More families are chronically food insecure than they were 20 years ago, according to a new study.
The finding comes at a time when SNAP and similar benefits may decrease because of the expected end of the federal Public Health Emergency for COVID-19.
The survey study, published as a research letter in JAMA Pediatrics, compared rates of food insecurity—defined by the US Department of Agriculture as a lack of consistent access to enough food for every person in a household to live an active, healthy life—20 years apart.
Using data that follows the same families over time, lead author Noura Insolera found that the rate of families reporting chronic food insecurity between 2015 and 2019 more than doubled compared to families surveyed in 1999 to 2003.
“There are varying levels of being food insecure. These range from people being anxious about not having enough food, to the most severe, such as skipping meals or having their children skip meals, actually going without food,” says Insolera, a research investigator in the Survey Research Center at the University of Michigan Institute for Social Research.
“It’s not just that there are more instances of having one wave of families saying they didn’t have enough to eat, but that it actually persists wave after wave.”
Previous research has shown that children who face food insecurity are more likely to have anxiety, depression, poorer diet quality, higher rates of diabetes and obesity, and lower academic performance, Insolera says.
Conversely, kids who had access to SNAP (Supplemental Nutrition Assistance Program) and WIC (Women, Children & Infants) benefits were four times more likely to be food secure as adults compared to kids who had no access to those benefits.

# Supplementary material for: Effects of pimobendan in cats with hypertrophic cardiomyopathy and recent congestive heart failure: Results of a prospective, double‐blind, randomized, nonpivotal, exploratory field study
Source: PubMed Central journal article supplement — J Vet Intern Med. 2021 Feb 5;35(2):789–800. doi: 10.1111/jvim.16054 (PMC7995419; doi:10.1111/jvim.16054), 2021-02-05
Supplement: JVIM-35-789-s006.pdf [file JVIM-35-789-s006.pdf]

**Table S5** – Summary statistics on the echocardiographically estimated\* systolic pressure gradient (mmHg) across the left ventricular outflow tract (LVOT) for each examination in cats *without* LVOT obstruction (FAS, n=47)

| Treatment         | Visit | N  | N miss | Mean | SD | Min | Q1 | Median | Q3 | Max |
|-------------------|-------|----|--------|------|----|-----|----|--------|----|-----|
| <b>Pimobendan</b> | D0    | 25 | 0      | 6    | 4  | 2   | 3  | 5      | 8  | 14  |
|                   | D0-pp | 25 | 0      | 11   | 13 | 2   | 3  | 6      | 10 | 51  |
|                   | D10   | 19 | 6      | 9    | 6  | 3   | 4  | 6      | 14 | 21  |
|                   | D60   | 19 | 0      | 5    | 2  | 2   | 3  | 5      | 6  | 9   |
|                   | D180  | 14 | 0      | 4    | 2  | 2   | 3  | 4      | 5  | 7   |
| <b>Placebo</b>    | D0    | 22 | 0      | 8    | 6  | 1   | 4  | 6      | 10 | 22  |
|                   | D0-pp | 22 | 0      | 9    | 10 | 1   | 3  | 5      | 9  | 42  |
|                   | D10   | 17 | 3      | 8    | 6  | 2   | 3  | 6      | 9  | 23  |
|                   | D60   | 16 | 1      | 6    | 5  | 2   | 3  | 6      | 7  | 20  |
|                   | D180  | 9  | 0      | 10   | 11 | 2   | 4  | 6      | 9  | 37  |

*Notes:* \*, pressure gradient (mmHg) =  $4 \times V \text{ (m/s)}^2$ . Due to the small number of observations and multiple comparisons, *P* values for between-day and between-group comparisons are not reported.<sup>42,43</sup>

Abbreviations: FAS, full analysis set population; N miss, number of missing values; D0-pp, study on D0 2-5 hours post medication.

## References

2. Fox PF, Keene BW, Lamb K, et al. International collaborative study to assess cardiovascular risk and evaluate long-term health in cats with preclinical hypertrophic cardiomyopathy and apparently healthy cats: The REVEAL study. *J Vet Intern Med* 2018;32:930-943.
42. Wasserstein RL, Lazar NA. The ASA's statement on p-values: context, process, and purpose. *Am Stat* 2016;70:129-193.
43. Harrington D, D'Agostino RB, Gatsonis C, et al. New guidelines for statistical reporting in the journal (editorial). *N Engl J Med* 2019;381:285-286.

In the study, Insolera looked at families who were surveyed in the Panel Study of Income Dynamics, a longitudinal study that follows the same families over time. She drew data from three waves of surveys that families completed from 1999 to 2003, then again from 2015 to 2019.
Nearly half of the 12.1% of families that ever reported food insecurity from 1999 to 2003 experienced at least one additional wave of food insecurity. From 2015 to 2019, 4.5% of all families reported chronic food insecurity (reports of food insecurity in all three waves). This doubles the rate of families who reported chronic food insecurity in the previous time period. At that time, 2.1% of families reported food insecurity over all three waves.
More low-income families with children reported chronic food insecurity in 2015 to 2019 compared to the previous time period as well. Nearly 11% of low-income families with children reported chronic food insecurity from 2015 to 2019 compared to 4.5% of all families and 4.8% of families with children during the same time period.
Between 1999 and 2003, 8.8% of low-income families with children reported chronic food insecurity, while 2.1% of all families and 3.7% of all families with children reported the same.
“What I define as chronic food insecurity is over that four-year period, every time we ask, they are reporting to us that they are food insecure,” Insolera says. “It was previously thought that this is sort of a fleeting thing, an acute problem: Someone loses a job and at some point, they experience food insecurity. But this is something that families are experiencing over and over again in a persistent way.”
Being able to capture a single family’s experience of poverty and food insecurity is a strength of the PSID, according to Insolera, while other similar, larger studies are helpful in giving a national estimate of food insecurity in a single snapshot.
“This is hopefully the beginning of our ability to look deeper and see what mechanisms are behind this chronic food insecurity,” Insolera says. “We can look over time at families in general, and see that they are doing worse—so why don’t we help families so they can do better in the future?”
Source: University of Michigan